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The effects of nicotine on cone and rod b-wave responses in larval zebrafish

Published online by Cambridge University Press:  28 June 2013

MIGUEL MOYANO
Affiliation:
Department of Molecular and Cellular Biology, Harvard University, Cambridge, Massachusetts Instituto de Neurosciencias of Castilla y Leon, Cell Biology and Pathology, University of Salamanca, Salamanca, Spain
ÁNGEL PORTEROS
Affiliation:
Instituto de Neurosciencias of Castilla y Leon, Cell Biology and Pathology, University of Salamanca, Salamanca, Spain
JOHN E. DOWLING
Affiliation:
Department of Molecular and Cellular Biology, Harvard University, Cambridge, Massachusetts
Corresponding
E-mail address:

Abstract

Acetylcholine is present in and released from starburst amacrine cells in the inner plexiform layer (IPL), but its role in retinal function except, perhaps, in early development, is unclear. Nicotinic acetylcholine receptors are thought to be present on ganglion, amacrine, and bipolar cell processes in the IPL, and it is known that acetylcholine increases the spontaneous and light-evoked responses of retinal ganglion cells. The effects of acetylcholine on bipolar cells are not known, and here we report the effects of nicotine on the b-wave of the electroretinogram in larval zebrafish. The b-wave originates mainly from ON-bipolar cells, and the larval zebrafish retina is cone-dominated. Only small rod responses can be elicited with dim lights in wild-type larval zebrafish retinas, but rod responses can be recorded over a range of intensities in a mutant (no optokinetic response f) fish that has no cone function. We find that nicotine strongly enhances cone-driven b-wave response amplitudes but depresses rod driven b-wave response amplitudes without, however, affecting rod- or cone-driven b-wave light sensitivity.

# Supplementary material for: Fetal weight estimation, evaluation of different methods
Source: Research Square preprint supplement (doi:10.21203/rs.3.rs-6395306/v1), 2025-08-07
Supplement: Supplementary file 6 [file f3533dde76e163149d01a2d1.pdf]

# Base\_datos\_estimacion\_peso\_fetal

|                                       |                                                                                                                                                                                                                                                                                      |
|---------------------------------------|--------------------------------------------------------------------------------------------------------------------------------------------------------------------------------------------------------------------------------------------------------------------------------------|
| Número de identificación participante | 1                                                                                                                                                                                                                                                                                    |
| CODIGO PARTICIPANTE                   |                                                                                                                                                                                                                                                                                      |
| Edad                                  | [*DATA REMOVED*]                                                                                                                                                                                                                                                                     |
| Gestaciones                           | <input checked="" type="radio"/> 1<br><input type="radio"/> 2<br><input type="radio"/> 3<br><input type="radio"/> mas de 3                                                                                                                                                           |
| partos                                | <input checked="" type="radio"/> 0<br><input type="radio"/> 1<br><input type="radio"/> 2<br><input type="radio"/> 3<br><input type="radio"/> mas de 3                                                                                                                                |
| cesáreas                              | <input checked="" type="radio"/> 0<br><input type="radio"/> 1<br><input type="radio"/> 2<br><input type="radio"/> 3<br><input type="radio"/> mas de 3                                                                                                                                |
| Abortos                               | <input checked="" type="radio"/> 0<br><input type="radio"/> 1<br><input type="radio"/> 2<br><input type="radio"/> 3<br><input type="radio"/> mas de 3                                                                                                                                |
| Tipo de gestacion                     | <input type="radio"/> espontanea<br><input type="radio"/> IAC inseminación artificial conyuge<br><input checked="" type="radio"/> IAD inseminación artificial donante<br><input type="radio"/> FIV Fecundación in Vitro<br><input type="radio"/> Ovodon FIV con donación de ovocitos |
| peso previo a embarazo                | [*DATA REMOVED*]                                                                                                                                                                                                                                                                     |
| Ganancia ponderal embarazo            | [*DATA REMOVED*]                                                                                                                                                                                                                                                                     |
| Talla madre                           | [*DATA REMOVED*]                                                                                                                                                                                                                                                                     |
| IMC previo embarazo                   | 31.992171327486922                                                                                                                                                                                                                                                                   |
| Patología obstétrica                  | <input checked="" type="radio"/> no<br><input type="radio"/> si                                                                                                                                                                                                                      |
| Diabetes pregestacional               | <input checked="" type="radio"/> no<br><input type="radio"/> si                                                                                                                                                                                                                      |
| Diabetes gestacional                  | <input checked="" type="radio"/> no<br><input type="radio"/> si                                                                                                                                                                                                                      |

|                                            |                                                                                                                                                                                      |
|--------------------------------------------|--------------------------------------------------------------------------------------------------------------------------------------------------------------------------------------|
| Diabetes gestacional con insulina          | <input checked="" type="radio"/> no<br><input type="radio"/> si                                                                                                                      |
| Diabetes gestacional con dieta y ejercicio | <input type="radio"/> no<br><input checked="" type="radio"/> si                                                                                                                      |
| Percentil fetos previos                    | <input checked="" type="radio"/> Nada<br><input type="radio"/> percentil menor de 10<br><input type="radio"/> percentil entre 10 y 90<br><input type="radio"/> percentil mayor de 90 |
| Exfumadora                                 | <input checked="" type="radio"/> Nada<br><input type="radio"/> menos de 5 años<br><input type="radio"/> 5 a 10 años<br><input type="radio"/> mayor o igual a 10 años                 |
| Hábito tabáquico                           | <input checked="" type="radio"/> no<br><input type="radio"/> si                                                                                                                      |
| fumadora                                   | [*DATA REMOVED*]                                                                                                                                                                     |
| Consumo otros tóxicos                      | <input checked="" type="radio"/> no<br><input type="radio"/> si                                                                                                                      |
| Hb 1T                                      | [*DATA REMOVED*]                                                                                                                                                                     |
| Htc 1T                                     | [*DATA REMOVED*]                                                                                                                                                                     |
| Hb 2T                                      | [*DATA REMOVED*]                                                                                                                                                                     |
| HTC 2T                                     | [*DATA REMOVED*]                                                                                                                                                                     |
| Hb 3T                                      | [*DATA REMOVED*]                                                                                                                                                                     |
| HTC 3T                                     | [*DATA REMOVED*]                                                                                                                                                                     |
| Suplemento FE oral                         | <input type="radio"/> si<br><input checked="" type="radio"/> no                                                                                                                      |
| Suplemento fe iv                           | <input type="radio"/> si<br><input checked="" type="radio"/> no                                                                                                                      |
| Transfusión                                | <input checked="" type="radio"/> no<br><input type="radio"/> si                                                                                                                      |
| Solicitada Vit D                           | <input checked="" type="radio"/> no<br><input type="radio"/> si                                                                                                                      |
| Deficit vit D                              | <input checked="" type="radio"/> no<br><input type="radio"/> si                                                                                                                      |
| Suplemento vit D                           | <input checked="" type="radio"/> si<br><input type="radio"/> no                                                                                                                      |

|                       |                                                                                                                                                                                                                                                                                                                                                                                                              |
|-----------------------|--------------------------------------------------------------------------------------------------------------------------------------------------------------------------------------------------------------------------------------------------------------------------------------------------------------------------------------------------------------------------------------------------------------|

Type
Research Articles
Copyright
Copyright © Cambridge University Press 2013 

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